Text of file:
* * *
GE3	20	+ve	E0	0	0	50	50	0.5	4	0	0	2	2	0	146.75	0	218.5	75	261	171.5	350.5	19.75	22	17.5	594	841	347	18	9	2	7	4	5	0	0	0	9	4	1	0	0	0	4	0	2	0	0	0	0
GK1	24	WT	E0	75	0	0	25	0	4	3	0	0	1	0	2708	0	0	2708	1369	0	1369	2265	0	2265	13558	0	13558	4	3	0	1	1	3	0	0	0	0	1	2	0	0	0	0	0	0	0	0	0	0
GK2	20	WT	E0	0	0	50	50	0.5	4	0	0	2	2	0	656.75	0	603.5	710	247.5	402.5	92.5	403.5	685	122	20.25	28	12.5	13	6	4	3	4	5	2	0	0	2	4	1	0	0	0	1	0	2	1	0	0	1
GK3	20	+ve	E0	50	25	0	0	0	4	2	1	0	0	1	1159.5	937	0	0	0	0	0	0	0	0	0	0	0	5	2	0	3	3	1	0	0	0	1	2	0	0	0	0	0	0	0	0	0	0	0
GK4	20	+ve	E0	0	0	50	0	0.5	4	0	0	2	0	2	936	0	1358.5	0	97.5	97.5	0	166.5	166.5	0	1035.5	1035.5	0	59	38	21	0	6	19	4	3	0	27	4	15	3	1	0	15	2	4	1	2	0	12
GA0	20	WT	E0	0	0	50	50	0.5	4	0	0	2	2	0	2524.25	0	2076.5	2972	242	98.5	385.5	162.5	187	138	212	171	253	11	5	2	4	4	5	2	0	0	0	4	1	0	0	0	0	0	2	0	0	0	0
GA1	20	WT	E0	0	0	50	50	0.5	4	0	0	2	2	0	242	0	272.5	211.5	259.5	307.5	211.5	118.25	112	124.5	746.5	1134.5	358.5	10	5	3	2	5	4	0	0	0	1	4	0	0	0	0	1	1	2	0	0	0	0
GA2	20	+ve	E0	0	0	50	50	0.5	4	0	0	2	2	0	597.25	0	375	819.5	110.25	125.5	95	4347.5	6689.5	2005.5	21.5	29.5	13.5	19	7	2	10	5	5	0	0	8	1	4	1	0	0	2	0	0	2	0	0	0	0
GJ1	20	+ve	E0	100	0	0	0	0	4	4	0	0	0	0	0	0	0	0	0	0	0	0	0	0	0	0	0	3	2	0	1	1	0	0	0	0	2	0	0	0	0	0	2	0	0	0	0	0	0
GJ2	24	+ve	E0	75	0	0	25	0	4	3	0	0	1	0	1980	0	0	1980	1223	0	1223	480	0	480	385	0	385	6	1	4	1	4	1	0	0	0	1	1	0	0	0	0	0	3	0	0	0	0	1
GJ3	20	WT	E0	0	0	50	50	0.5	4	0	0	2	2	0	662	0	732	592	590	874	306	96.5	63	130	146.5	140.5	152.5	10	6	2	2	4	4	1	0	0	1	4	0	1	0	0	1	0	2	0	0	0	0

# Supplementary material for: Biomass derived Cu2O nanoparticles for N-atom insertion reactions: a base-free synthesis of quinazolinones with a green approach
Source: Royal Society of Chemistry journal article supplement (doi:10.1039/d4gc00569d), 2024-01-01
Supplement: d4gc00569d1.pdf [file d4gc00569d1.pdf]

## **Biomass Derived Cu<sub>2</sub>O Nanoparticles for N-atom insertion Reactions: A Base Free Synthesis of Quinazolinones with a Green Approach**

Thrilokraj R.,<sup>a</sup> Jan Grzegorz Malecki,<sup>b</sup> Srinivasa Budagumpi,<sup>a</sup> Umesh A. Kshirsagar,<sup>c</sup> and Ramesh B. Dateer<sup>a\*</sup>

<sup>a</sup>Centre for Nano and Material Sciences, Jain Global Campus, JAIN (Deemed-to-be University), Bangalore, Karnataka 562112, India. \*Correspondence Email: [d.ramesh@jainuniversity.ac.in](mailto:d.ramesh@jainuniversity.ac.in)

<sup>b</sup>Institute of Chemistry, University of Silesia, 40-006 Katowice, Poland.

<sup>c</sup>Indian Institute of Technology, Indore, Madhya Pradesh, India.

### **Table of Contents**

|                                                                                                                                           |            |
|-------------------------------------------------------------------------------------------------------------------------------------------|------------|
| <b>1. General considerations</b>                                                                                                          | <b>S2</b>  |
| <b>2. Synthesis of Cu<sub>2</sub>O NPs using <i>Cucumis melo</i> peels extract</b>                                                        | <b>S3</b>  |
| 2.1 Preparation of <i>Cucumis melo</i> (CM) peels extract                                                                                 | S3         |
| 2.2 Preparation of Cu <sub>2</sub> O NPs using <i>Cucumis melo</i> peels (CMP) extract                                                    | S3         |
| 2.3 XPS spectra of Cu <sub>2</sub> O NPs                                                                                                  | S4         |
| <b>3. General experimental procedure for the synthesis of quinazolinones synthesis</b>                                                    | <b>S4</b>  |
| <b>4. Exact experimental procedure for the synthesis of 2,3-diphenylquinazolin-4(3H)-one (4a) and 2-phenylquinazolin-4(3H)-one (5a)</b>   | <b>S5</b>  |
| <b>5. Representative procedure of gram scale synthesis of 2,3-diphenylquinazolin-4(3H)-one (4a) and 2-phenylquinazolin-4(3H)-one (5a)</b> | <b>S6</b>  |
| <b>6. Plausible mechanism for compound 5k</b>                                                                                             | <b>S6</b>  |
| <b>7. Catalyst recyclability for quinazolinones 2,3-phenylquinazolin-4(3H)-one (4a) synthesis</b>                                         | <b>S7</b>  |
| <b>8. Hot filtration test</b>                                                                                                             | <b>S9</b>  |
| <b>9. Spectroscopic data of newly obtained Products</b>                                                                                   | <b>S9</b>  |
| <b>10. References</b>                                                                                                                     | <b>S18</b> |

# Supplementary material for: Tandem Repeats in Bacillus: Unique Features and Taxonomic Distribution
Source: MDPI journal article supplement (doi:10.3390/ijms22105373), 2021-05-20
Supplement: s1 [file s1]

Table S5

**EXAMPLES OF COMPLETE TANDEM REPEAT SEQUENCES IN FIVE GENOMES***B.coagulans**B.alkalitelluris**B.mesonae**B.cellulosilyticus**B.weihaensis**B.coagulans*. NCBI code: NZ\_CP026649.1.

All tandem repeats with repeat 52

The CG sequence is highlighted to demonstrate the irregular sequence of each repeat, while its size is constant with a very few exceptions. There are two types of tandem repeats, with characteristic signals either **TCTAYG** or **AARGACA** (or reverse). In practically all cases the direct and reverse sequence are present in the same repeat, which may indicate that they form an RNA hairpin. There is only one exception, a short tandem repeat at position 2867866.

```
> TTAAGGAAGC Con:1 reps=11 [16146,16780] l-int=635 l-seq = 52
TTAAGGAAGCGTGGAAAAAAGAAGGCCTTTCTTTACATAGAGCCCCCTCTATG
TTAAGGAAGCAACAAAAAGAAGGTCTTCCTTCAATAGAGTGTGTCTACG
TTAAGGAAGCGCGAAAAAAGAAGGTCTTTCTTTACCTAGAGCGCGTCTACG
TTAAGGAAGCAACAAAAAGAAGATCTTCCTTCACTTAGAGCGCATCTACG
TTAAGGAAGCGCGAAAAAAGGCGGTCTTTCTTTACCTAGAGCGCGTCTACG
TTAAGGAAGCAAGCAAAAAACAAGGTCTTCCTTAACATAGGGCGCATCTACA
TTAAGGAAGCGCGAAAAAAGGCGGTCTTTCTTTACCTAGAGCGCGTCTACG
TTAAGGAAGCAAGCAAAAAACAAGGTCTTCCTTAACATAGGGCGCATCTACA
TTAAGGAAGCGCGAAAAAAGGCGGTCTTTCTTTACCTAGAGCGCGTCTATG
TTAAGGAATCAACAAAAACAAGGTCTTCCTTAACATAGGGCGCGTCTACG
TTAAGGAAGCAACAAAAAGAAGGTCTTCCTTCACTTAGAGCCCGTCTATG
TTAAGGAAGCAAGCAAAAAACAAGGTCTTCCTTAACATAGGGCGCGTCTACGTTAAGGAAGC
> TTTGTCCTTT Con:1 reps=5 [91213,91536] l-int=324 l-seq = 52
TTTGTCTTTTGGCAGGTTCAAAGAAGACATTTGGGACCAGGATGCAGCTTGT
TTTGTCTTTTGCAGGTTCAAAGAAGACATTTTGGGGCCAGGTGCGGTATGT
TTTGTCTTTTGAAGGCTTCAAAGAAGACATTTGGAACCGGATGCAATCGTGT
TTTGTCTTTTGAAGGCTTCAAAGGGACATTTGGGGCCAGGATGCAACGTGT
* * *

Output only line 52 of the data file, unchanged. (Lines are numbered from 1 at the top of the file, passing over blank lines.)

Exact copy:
TTAAGGAAGCAAGCAAAAAACAAGGTCTTCCTTAACATAGGGCGCATCTACA